On Tuesday, April 22, hundreds of faculty, staff and students gathered in the Science and Engineering Quad to celebrate sustainability at Stanford. The interactive Earth Day festival was designed to educate members of the campus community about Stanford’s sustainability efforts and achievements through fun, engaging activities and displays. In addition to healthy food, the festival offered information on green practices and products, such as water conservation and energy-saving light bulbs. University Photographer LINDA A. CICERO captured the highlights in a slideshow.
Archive for the ‘In the Spotlight’ Category
SALLY M. BENSON has been appointed director of the Precourt Institute for Energy, a hub of energy research and education at Stanford University. Her colleague, ROLAND N. HORNE, has been named deputy director. Both are professors of energy resources engineering and senior fellows at the institute.
ANN M. ARVIN, vice provost and dean of research at Stanford, announced the appointment. “Sally Benson has a remarkable record of research contributions and international leadership in the field of energy sciences, which will be of great value to the Precourt Institute,” Arvin said. “We are delighted that Sally has agreed to serve in this important role at Stanford, and that Roland Horne will provide his expertise in Earth sciences and as a faculty leader to support the Precourt mission.”
Benson succeeds FRANKLIN M. “LYNN” ORR JR., a professor of energy resources engineering at Stanford, who has served as director of the Precourt Institute since its founding in 2009. Benson was named acting director of the institute last fall when President Obama nominated Orr to be under secretary for science at the Department of Energy. He is awaiting Senate confirmation.
“The Precourt Institute supports education and game-changing research, promoting energy literacy and accelerating solutions that will transform the global energy system,” Benson said. “I am grateful for Lynn Orr’s leadership and delighted to work with Roland Horne to help lead this important effort.”
A groundwater hydrologist and reservoir engineer, Benson is a leading authority on emerging energy technologies, and geologic carbon capture and storage. She leads a research laboratory that studies fundamental aspects of carbon dioxide sequestration in saline aquifers.
Horne’s research focuses on the quantification and efficient recovery of subsurface energy resources, including oil, gas and geothermal energy. He is the director of the Stanford Geothermal Program and past president of the International Geothermal Association.
In addition to her new leadership role at the Precourt Institute, Benson will continue to serve as director of Stanford’s Global Climate and Energy Project (GCEP), a position she has held since 2007.
“During her tenure at GCEP, Sally Benson has played a key part in developing a diverse research portfolio that funds innovative, low-carbon energy technologies,” said GEORGE SHULTZ, director of the Hoover Institution’s Shultz-Stephenson Task Force on Energy Policy and chair of the Precourt Institute advisory council. “She will continue to provide strong leadership at the Precourt Institute in the years ahead.”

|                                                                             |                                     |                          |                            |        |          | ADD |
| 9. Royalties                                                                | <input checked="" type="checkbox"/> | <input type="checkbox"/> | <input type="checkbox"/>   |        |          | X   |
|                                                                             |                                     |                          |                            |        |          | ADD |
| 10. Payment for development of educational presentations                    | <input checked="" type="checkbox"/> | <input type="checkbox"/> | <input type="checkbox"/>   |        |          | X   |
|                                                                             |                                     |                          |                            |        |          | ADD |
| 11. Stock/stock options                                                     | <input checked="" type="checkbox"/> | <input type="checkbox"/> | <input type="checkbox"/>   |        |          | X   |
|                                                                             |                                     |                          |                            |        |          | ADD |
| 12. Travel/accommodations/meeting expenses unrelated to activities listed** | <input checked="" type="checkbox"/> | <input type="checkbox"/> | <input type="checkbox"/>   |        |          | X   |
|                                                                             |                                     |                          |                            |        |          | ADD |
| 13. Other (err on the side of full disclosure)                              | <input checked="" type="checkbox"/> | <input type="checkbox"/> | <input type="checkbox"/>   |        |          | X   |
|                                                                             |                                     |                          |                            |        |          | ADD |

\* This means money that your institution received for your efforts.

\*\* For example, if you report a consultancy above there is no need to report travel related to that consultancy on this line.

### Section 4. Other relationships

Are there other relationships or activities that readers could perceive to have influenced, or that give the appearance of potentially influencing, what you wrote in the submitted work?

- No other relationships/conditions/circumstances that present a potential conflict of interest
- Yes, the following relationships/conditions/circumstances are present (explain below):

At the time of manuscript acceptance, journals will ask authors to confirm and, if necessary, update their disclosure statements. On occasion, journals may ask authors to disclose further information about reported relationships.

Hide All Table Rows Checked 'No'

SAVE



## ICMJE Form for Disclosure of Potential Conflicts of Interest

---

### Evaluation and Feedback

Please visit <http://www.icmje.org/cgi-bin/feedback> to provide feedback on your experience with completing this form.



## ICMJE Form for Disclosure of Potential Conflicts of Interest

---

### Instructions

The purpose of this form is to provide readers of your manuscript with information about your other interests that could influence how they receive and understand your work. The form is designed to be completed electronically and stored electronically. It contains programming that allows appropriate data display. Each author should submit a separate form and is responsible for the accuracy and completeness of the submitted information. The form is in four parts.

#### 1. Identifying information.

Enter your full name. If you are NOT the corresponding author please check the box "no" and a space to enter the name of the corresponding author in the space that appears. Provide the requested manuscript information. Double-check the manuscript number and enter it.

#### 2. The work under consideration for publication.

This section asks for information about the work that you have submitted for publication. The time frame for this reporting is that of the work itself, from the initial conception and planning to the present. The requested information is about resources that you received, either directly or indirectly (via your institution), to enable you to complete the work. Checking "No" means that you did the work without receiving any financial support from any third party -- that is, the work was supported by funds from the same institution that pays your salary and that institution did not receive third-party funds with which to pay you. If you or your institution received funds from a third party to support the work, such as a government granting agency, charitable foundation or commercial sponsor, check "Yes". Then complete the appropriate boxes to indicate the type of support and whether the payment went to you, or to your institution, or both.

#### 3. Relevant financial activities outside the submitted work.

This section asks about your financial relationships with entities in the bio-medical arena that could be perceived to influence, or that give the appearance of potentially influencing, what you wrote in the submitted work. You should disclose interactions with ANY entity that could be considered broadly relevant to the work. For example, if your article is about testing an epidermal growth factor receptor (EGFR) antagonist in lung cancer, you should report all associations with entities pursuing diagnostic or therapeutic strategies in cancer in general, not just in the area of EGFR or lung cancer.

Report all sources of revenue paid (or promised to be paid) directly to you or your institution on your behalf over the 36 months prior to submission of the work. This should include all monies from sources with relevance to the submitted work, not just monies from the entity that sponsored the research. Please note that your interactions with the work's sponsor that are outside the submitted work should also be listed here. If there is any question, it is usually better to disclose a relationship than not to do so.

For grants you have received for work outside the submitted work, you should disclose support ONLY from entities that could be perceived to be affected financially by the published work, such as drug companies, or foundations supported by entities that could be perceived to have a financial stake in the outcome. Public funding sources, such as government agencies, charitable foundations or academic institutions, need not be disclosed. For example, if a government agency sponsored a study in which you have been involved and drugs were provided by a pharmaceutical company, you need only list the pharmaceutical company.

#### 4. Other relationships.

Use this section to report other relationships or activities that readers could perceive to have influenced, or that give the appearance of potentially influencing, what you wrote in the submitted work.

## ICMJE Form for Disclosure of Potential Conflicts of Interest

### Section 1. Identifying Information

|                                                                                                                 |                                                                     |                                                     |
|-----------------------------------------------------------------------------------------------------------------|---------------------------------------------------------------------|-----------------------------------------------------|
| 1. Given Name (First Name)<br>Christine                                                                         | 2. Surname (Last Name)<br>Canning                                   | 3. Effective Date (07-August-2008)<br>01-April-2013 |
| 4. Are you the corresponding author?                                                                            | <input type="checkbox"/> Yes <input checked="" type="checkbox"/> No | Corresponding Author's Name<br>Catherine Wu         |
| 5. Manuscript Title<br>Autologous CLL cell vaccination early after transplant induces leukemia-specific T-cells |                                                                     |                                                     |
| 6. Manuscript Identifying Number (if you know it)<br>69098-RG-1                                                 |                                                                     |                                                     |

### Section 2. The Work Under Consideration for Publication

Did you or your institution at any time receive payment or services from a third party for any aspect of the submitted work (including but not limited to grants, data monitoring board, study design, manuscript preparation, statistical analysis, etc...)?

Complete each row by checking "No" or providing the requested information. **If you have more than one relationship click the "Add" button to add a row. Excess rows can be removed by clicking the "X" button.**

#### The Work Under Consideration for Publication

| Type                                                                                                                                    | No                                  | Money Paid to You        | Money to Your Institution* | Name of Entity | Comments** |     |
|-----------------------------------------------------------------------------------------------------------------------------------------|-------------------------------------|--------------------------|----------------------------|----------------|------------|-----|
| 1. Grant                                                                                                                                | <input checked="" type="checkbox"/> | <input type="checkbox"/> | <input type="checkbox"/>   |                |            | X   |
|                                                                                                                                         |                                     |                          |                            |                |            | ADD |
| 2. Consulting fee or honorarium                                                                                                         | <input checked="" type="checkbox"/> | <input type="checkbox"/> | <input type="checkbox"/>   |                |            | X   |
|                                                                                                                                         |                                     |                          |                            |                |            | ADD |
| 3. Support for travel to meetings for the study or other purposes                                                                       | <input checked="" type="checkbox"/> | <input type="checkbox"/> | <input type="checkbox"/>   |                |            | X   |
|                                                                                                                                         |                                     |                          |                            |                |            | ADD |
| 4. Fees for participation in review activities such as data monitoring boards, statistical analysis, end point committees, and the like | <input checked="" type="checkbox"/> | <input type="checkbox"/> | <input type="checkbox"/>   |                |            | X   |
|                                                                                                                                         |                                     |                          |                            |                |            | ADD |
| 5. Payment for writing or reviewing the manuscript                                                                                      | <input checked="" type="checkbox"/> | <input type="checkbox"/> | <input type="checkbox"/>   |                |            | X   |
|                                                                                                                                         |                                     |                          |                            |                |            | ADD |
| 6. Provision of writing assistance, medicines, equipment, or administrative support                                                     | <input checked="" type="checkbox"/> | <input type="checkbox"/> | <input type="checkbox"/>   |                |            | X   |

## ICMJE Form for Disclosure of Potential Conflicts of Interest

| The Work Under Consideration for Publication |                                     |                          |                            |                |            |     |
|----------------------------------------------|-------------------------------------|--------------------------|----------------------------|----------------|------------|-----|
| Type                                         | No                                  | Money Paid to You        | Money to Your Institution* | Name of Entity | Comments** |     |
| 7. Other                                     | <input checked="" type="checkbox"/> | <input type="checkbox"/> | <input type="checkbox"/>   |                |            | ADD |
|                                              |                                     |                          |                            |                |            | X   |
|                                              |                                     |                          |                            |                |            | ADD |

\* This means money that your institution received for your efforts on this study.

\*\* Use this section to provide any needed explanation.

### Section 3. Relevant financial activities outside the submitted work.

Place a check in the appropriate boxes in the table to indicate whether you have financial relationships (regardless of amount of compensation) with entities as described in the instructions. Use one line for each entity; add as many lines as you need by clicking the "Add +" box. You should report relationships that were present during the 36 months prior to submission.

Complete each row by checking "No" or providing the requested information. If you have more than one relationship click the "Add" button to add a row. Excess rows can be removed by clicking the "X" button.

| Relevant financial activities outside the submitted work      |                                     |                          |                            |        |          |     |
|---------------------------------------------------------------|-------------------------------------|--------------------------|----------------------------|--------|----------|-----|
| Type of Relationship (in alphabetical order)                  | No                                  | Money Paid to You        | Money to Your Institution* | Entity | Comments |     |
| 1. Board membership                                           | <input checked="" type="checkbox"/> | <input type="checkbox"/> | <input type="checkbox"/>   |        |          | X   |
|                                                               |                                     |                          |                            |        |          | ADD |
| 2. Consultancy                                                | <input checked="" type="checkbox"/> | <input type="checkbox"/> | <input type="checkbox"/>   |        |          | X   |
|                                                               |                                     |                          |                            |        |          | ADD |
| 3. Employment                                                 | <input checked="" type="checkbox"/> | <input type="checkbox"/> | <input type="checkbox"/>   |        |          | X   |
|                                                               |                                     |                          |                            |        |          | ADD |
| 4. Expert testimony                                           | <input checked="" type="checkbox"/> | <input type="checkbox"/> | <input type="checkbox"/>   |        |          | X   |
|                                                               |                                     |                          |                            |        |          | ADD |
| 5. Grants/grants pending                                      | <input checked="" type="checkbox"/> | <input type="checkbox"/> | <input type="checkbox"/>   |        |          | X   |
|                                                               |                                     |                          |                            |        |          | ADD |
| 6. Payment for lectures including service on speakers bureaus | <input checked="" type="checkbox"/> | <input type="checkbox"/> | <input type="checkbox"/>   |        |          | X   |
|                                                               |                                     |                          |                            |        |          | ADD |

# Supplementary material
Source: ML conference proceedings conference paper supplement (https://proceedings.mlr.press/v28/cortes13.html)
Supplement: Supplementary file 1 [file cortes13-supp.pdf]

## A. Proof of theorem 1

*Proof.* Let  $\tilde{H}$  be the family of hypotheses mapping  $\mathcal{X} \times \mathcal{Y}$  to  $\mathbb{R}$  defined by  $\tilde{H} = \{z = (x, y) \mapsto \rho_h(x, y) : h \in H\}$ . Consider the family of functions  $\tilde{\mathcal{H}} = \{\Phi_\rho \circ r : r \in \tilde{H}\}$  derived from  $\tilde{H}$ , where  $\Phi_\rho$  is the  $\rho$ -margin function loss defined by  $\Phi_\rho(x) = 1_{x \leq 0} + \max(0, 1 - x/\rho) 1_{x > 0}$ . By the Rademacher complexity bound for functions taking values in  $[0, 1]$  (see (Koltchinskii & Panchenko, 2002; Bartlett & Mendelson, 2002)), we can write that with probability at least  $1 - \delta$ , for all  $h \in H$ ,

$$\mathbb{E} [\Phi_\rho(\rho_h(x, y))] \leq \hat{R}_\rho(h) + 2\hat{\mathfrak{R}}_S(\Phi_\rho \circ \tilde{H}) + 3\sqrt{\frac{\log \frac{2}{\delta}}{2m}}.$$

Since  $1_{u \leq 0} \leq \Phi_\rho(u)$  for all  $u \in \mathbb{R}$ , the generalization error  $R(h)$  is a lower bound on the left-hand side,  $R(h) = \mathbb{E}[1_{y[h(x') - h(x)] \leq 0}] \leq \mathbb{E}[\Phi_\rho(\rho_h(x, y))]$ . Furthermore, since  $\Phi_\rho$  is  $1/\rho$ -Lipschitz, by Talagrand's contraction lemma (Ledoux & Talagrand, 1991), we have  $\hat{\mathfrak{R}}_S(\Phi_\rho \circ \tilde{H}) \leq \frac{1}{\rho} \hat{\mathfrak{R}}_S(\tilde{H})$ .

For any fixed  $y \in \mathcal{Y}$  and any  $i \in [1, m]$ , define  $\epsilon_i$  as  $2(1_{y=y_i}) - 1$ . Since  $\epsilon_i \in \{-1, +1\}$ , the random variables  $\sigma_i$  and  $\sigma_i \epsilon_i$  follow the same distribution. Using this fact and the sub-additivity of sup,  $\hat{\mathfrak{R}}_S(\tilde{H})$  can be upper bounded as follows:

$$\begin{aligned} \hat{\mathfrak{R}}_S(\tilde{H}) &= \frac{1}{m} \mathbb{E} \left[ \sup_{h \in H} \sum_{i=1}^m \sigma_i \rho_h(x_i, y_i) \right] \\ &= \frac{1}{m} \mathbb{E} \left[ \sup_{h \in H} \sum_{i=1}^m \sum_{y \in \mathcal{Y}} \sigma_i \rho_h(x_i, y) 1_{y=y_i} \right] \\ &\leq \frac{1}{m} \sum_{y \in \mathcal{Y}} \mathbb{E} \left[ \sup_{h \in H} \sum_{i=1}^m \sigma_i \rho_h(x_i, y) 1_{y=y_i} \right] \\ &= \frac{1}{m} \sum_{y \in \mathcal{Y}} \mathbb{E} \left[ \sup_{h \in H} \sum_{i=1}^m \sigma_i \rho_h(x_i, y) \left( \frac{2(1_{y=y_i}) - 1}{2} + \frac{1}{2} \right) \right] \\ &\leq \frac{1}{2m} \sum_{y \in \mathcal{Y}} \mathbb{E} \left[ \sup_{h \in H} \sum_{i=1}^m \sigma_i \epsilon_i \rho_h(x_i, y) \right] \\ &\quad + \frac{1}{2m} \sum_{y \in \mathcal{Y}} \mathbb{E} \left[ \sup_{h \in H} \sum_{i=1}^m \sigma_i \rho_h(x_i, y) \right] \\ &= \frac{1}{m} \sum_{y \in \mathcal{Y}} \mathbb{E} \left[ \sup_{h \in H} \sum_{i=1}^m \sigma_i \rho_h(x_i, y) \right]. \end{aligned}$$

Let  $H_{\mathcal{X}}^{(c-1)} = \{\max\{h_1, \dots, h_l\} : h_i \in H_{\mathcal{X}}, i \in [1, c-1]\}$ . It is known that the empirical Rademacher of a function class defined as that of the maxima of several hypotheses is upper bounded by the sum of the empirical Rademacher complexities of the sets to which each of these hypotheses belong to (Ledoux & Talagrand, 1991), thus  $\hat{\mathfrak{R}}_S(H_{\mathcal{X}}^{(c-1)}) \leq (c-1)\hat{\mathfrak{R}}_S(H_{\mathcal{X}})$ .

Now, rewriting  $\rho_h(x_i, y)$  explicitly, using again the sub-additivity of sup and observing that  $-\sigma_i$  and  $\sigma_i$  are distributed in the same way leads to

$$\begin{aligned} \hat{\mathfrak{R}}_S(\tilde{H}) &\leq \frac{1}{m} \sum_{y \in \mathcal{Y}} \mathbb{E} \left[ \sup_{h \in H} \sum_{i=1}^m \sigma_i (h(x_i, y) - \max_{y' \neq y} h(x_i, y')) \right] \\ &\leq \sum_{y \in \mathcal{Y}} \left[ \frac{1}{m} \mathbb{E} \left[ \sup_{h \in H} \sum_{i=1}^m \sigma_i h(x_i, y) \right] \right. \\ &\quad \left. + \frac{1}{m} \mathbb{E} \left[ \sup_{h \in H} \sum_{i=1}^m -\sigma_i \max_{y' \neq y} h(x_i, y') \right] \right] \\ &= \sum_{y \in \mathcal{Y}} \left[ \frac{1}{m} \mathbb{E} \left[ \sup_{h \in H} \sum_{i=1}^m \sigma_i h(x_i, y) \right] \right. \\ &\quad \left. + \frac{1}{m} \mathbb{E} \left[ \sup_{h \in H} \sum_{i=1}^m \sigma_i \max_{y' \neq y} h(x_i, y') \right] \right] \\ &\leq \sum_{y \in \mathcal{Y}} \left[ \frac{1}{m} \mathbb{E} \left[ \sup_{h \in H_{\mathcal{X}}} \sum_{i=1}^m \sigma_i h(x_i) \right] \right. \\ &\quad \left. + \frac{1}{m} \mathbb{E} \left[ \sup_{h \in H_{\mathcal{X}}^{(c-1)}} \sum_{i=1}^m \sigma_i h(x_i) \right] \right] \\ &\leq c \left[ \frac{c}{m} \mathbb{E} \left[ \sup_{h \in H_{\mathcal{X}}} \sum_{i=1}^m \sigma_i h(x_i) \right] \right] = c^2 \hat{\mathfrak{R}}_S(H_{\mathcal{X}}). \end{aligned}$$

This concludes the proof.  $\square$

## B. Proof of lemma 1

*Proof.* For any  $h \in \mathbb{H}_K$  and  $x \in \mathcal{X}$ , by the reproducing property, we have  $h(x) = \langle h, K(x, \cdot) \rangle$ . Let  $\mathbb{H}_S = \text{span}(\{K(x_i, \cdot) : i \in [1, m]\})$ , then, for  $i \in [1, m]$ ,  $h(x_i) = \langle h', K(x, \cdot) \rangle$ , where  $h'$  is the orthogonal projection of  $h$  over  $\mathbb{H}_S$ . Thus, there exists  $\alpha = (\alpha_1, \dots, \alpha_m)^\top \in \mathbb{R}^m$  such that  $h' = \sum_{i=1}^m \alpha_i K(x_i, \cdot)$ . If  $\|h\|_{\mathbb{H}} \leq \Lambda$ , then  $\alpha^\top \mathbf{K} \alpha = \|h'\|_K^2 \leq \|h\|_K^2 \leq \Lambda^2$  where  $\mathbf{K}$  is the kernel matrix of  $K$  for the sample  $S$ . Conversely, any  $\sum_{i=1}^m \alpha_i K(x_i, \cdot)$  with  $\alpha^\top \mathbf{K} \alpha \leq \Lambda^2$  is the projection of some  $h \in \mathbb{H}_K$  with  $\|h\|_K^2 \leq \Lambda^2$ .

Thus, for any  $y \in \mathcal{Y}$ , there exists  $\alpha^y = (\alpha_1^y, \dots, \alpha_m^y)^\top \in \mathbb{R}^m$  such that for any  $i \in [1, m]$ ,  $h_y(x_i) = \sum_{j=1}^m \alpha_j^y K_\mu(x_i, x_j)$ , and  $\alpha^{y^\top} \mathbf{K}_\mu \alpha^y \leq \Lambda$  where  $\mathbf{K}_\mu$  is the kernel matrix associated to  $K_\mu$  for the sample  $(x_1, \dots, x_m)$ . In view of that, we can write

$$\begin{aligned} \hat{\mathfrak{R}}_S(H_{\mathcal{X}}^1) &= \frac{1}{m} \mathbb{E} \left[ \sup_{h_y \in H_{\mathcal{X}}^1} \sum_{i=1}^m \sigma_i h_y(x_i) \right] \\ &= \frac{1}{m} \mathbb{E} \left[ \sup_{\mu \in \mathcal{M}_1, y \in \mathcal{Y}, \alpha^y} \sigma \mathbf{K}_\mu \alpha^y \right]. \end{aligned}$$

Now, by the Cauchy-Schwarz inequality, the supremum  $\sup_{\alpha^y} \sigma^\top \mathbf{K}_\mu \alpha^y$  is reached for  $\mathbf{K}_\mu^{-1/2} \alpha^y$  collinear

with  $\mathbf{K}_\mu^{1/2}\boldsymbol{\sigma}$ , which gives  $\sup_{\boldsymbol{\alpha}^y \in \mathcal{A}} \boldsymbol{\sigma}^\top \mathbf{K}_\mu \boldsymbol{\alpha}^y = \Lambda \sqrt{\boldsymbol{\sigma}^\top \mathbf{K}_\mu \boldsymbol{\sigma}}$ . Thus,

Read the full announcement on the Precourt Institute’s website.
— BY MARK SHWARTZ, Precourt Institute for the Environment
Twice a year, a group of Stanford undergraduate and graduate students hosts Stanford Splash, a two-day learning extravaganza for middle and high school students. On April 12-13, Splash attracted 2,141 participants who took part in hundreds of classes and walk-in activities from “Quidditch for Muggles” to “Microbes and Mud” to “Chocolate: Food of the Gods.”
First-time Splash attendee ADITYA KRISHNAN took a math class on the binomial theorem. “I learned a lot of stuff I didn’t know about and I couldn’t learn outside,” said Krishnan, who also took classes in performance comedy and improv.
Eighth-grade students SHELBY BROOKS and KAYLA TURNAGE, both of whom were attending Splash for the third time, were eager participants as well. Brooks’ favorite class was “Psychology and Neuroscience of Religion” because “it was very educational and really makes you think.” Turnage, who “likes to take science classes,” was able to explore 3-D printing and genetics.
For teachers, Splash is equally fulfilling: JEFFREY DAVIS, a local volunteer, taught a class on Beethoven’s Fifth Symphony. He noted that this year he “had a lot of kids both days, it was great.” As for his students? They all clapped for him at the end, and some even sent him notes about how much they enjoyed his class. Without pause, Davis said, “I would love to teach again.”
The Splash outreach program is growing in popularity every year and continues its effort to attract students from underserved schools. The event is open to students from all schools and to those who are home-schooled. As the program grows in popularity, so does the need for volunteers and teachers. During the recent Stanford Splash, 367 teachers and about 200 volunteers help to make the event a success.
The next Splash event is scheduled for November 8-9.
—VIVIAN W. WANG, Stanford Splash
This quarter, GRO HARLEM BRUNDTLAND, former prime minister of Norway, has been leading seminars and giving lectures on many weighty topics, including sustainable development, global collaboration and her tenure as president of the World Health Organization
Last week, Brundtland added lunch with three Stanford freshmen – Norwegians all – to her busy schedule as the Mimi and Peter E. Haas Distinguished Visitor at Stanford.
The students who joined Brundtland for lunch at the Faculty Club were: INGERID MARIE FOSLI, of Sola, a coastal town known for its windsurfing; MIRIAM STROM NATVIG, of Oslo, the nation’s capital and most populous city; and JOACHIM REIERSEN, of Haugesund, a historic town dating back to Viking times that is also known for its film festival.